These factors have combined to create a significant challenge for retailers ahead of their busiest quarter of the year, and have raised doubts about their ability to guarantee levels of stock in the run-up to Christmas.

Merry Christmas?

RTT members agree that although the UK retail sector has seen strong growth over the course of 2021, the challenges around supply chains and wider structural changes are starting to impact growth at the worst possible time.

Paul Martin, UK head of retail at KPMG, says: “With Christmas trading representing such a critical period of the year for the sector, many retailers are understandably being very careful about their messaging. Getting this wrong could either trigger panic-buying behaviours or consumers switching their retailers of choice. 

“This should not hide the fact, though, that behind the scenes availability concerns across multiple categories are being vividly discussed. There has been widespread media reporting of various shortages over recent weeks, and a number of product categories could be impacted in some way. It remains highly likely that shortages will be seen over the Christmas period and could continue beyond, most likely well into 2022.”

James Sawley, head of retail and leisure, HSBC UK, agrees, adding that a number of retailers are only achieving an intake of around 60% of their budget ahead of the peak Christmas period, which could put profit margins under pressure.

“There is some evidence that peak disruption is behind us, with Chinese manufacturing and freight starting to move again,” he says. “Shipping cost indices such as the Shanghai Containerised Freight Index (SCFI) and the Freightos Baltic Index recently declined slightly following 20 conservative weeks of growth, so the movement of goods and costs are improving.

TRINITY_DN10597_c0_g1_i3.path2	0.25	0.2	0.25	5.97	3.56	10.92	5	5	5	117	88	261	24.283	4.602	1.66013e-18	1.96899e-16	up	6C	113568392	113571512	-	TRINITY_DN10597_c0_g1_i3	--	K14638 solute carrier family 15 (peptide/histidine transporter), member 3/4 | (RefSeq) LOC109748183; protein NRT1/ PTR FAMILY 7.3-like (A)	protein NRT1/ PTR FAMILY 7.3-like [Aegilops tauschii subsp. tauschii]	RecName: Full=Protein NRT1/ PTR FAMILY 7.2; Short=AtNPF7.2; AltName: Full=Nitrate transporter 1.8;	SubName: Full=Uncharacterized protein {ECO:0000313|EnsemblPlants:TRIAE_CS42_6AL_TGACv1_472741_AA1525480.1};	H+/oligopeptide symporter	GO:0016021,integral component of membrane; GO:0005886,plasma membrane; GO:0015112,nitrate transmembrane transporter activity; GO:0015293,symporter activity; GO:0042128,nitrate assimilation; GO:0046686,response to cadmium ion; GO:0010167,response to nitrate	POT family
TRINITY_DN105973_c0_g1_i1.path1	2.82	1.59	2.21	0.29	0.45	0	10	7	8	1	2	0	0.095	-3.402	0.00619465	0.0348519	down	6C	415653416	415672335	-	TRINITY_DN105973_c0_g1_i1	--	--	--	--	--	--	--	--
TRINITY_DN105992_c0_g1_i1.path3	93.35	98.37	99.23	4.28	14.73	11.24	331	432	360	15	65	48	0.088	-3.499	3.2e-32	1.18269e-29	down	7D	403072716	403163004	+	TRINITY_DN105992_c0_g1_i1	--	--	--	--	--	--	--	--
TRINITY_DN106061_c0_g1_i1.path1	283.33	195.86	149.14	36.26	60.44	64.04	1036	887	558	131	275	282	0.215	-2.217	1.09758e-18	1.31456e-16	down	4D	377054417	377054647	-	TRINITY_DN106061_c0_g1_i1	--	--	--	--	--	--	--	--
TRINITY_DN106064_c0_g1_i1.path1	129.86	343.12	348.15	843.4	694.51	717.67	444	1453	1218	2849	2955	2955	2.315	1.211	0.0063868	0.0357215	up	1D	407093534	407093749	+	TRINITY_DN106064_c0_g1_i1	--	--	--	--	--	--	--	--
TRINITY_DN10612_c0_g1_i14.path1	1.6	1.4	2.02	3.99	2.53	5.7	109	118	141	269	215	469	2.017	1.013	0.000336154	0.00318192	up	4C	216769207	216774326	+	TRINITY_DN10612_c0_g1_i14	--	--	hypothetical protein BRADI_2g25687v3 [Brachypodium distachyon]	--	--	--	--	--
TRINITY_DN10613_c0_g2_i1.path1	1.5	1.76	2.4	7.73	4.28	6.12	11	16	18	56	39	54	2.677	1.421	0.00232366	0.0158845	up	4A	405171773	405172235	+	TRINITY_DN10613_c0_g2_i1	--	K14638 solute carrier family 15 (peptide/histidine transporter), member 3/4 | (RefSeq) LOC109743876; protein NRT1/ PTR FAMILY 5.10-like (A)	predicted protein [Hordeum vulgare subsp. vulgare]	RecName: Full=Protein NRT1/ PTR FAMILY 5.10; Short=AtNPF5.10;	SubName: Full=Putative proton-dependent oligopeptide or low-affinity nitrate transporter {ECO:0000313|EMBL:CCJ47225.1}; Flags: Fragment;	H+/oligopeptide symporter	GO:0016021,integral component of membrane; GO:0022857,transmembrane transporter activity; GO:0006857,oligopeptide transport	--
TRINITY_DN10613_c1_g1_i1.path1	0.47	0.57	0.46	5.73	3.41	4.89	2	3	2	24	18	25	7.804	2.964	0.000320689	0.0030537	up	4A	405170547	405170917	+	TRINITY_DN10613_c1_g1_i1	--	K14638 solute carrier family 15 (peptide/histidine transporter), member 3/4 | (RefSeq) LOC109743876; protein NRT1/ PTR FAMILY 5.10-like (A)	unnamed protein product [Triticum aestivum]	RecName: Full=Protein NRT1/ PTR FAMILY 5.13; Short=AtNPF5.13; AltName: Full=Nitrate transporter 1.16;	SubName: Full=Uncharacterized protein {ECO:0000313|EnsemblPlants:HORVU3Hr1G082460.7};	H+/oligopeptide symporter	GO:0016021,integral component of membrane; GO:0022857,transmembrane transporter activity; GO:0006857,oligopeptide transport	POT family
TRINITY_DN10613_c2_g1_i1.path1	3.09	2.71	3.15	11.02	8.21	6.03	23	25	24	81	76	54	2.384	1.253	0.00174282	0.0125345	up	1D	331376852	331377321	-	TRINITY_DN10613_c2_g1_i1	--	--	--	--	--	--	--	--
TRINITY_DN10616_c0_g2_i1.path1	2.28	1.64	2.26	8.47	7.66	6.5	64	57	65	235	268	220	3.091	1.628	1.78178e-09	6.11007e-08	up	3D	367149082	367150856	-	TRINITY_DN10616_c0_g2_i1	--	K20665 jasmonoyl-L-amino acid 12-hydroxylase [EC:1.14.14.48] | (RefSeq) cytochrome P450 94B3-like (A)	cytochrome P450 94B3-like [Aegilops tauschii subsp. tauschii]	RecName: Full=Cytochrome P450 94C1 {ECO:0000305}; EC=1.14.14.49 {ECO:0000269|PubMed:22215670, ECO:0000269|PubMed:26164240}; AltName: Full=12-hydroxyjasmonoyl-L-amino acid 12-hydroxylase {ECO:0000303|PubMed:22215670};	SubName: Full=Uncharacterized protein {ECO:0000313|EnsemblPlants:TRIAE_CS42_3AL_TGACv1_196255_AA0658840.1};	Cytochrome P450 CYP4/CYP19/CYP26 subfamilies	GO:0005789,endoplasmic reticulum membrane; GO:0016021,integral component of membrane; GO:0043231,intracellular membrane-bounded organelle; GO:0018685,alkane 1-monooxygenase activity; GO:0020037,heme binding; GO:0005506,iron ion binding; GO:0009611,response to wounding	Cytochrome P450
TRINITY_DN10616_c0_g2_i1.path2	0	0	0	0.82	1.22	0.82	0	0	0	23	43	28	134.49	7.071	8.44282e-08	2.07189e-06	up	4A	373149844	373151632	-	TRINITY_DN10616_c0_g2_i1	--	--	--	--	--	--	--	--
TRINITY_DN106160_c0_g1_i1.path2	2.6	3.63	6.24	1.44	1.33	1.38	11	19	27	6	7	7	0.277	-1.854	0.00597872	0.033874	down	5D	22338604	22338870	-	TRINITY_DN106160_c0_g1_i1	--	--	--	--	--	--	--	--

“In the long run, in the capitalistic world we live in, companies will tackle the turbulence – prices of goods will rebalance when there is money to be made. However, I cannot see these issues being resolved in time for Christmas. Strong demand from consumers who are sat on pent-up savings and are keen to enjoy a more normal festive period after last year’s hiatus will place even greater strain on availability.”

The idea that a “perfect storm” has hit retailers ahead of the coming quarter is shared unanimously by RTT members. Rising energy bills, inflation and supply chain delays have compounded the challenges faced over the last 18 months, to threaten serious disruption at a time which operators in the retail sector had hoped would be start of the sector’s post-pandemic recovery.